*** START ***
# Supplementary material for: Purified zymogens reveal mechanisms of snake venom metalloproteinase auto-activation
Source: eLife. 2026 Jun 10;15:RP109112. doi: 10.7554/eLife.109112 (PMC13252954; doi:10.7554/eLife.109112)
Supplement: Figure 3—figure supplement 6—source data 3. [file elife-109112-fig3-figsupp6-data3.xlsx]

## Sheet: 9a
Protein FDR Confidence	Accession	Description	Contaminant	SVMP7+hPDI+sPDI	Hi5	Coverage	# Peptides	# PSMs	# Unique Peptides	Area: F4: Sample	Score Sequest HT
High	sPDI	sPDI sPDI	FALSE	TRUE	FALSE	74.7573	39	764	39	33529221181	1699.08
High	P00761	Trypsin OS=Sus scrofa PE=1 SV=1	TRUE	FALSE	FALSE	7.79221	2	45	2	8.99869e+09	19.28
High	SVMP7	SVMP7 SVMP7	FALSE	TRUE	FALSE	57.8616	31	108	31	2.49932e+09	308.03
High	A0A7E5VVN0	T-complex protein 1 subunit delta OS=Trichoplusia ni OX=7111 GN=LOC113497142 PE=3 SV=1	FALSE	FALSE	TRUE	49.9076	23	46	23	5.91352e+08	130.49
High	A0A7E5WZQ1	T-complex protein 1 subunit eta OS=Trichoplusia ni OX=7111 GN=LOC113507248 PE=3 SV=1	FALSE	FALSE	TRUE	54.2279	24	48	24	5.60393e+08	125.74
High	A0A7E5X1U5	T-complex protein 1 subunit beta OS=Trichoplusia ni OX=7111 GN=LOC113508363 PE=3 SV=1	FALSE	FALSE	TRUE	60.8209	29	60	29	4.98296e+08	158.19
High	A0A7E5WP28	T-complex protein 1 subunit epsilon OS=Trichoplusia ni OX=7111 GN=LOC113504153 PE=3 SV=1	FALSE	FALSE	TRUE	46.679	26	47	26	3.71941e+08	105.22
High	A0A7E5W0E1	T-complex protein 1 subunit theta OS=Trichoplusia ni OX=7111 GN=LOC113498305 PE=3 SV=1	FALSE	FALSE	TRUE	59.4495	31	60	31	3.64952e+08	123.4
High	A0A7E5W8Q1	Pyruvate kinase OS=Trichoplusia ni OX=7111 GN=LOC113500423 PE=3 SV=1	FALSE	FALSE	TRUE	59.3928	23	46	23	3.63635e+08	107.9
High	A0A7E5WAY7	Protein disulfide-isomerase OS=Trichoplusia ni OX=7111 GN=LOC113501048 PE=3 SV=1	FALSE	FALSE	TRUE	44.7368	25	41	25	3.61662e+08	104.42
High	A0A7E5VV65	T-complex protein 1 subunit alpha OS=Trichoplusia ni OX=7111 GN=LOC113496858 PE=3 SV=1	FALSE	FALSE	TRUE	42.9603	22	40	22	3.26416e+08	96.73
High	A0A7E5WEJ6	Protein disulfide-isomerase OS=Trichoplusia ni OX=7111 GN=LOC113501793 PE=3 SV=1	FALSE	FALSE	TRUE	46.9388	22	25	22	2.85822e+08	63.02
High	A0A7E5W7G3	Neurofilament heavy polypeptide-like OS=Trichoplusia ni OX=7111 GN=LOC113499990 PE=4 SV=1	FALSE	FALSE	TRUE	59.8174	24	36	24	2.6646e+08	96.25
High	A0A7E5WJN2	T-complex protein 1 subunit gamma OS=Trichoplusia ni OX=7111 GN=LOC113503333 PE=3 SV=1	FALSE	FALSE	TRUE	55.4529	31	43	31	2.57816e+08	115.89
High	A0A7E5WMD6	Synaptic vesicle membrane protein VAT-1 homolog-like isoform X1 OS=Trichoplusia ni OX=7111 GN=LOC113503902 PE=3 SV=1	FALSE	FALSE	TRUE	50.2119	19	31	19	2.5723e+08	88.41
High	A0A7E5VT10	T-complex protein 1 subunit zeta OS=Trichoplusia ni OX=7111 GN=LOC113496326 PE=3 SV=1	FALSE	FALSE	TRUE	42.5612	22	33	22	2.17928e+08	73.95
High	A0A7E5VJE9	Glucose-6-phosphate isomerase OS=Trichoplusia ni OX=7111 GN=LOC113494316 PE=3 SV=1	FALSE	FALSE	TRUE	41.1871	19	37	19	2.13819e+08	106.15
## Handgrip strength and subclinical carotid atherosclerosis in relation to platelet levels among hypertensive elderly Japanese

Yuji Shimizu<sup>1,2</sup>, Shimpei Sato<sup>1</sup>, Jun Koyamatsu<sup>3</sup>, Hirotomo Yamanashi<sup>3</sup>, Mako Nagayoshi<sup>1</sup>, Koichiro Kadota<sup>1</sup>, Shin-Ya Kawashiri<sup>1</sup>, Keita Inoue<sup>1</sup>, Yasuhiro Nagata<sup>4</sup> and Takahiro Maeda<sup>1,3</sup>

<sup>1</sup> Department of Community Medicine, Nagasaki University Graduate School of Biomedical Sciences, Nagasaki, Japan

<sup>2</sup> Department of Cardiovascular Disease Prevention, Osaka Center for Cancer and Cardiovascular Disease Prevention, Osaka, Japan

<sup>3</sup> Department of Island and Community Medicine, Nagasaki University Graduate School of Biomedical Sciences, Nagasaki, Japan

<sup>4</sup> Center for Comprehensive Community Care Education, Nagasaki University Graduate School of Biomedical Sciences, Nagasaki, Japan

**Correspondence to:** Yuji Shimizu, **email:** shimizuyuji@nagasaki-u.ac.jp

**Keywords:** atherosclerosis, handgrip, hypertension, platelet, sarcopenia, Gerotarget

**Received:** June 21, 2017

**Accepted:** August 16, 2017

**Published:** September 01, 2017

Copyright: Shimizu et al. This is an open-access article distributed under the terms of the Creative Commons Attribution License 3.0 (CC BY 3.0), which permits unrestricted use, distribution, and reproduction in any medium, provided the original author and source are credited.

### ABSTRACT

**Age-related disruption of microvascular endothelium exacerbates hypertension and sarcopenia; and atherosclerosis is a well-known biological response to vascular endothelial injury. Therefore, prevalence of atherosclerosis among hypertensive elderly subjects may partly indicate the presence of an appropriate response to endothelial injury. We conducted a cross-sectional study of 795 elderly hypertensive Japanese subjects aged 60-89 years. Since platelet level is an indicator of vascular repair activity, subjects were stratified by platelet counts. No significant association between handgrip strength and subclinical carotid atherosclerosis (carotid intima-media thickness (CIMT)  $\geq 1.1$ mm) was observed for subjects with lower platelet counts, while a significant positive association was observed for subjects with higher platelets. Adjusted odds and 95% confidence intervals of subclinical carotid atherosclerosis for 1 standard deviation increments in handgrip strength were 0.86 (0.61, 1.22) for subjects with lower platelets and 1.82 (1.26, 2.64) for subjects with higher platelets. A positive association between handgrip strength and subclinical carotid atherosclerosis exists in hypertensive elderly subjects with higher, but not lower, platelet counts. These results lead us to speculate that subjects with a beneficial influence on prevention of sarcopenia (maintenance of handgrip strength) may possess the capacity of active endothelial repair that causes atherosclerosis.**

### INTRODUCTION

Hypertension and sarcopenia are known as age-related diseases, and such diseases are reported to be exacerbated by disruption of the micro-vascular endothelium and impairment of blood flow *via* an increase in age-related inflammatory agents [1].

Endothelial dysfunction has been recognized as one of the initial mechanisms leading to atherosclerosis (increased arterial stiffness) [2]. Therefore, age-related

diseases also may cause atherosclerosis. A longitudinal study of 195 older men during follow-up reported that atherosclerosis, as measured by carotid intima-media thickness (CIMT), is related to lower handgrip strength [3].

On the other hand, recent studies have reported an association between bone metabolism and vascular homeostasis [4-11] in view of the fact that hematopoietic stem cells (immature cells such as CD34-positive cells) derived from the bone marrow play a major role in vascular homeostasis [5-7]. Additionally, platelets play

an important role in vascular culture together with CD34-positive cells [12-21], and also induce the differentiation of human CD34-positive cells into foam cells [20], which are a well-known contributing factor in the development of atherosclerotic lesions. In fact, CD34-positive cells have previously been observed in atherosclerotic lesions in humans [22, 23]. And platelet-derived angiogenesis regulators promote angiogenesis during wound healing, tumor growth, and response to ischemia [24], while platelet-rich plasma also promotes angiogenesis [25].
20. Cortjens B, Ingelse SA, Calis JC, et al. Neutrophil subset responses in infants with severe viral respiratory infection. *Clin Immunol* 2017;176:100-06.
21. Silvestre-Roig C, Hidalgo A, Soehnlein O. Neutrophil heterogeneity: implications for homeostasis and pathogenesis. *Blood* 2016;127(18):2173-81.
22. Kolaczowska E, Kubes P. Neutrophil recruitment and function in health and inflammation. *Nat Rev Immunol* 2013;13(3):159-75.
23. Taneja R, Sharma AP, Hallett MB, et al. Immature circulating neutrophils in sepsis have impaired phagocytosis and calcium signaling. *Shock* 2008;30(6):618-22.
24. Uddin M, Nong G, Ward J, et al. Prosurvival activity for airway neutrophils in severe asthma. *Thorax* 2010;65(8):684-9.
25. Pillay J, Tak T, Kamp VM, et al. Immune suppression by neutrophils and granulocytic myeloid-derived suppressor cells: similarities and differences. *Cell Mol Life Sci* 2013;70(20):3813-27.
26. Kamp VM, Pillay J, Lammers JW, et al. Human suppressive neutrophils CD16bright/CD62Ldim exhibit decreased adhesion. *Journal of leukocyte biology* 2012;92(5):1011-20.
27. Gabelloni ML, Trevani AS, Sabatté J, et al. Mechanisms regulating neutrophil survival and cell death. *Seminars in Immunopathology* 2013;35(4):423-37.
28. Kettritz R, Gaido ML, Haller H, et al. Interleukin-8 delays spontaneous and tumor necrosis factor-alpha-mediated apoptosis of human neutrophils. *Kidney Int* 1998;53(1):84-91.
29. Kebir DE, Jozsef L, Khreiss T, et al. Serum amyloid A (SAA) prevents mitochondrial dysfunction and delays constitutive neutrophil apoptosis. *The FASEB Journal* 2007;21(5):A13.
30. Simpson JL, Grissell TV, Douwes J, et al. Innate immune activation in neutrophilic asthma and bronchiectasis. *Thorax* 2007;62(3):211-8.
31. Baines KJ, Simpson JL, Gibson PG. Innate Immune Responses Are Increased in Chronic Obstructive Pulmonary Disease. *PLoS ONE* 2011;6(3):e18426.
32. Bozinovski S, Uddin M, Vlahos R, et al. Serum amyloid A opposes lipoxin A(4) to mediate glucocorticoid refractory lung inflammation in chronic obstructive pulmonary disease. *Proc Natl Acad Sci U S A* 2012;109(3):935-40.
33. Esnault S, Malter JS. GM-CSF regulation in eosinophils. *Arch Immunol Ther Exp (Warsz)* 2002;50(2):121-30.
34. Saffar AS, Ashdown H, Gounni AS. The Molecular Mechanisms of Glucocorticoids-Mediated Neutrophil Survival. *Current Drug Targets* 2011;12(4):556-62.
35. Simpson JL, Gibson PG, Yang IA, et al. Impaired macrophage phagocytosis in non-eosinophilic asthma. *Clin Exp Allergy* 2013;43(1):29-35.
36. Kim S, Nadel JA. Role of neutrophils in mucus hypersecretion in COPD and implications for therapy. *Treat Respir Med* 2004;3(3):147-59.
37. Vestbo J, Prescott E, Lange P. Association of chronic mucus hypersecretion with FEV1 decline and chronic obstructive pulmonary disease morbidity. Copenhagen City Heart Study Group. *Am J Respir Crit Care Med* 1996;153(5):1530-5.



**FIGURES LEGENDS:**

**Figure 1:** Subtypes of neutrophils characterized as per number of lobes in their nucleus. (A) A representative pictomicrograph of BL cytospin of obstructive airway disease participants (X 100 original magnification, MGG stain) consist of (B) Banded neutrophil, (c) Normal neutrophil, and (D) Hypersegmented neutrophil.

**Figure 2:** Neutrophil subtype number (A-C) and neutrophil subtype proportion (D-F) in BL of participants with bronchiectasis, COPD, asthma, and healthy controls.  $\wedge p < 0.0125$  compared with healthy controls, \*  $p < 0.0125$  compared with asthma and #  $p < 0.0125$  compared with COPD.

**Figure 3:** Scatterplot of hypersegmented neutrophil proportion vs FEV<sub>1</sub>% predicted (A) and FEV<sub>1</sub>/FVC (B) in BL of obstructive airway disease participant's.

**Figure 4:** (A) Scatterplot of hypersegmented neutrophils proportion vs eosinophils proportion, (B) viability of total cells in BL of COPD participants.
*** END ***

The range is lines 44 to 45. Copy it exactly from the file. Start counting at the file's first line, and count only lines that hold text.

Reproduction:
21. Silvestre-Roig C, Hidalgo A, Soehnlein O. Neutrophil heterogeneity: implications for homeostasis and pathogenesis. *Blood* 2016;127(18):2173-81.
22. Kolaczowska E, Kubes P. Neutrophil recruitment and function in health and inflammation. *Nat Rev Immunol* 2013;13(3):159-75.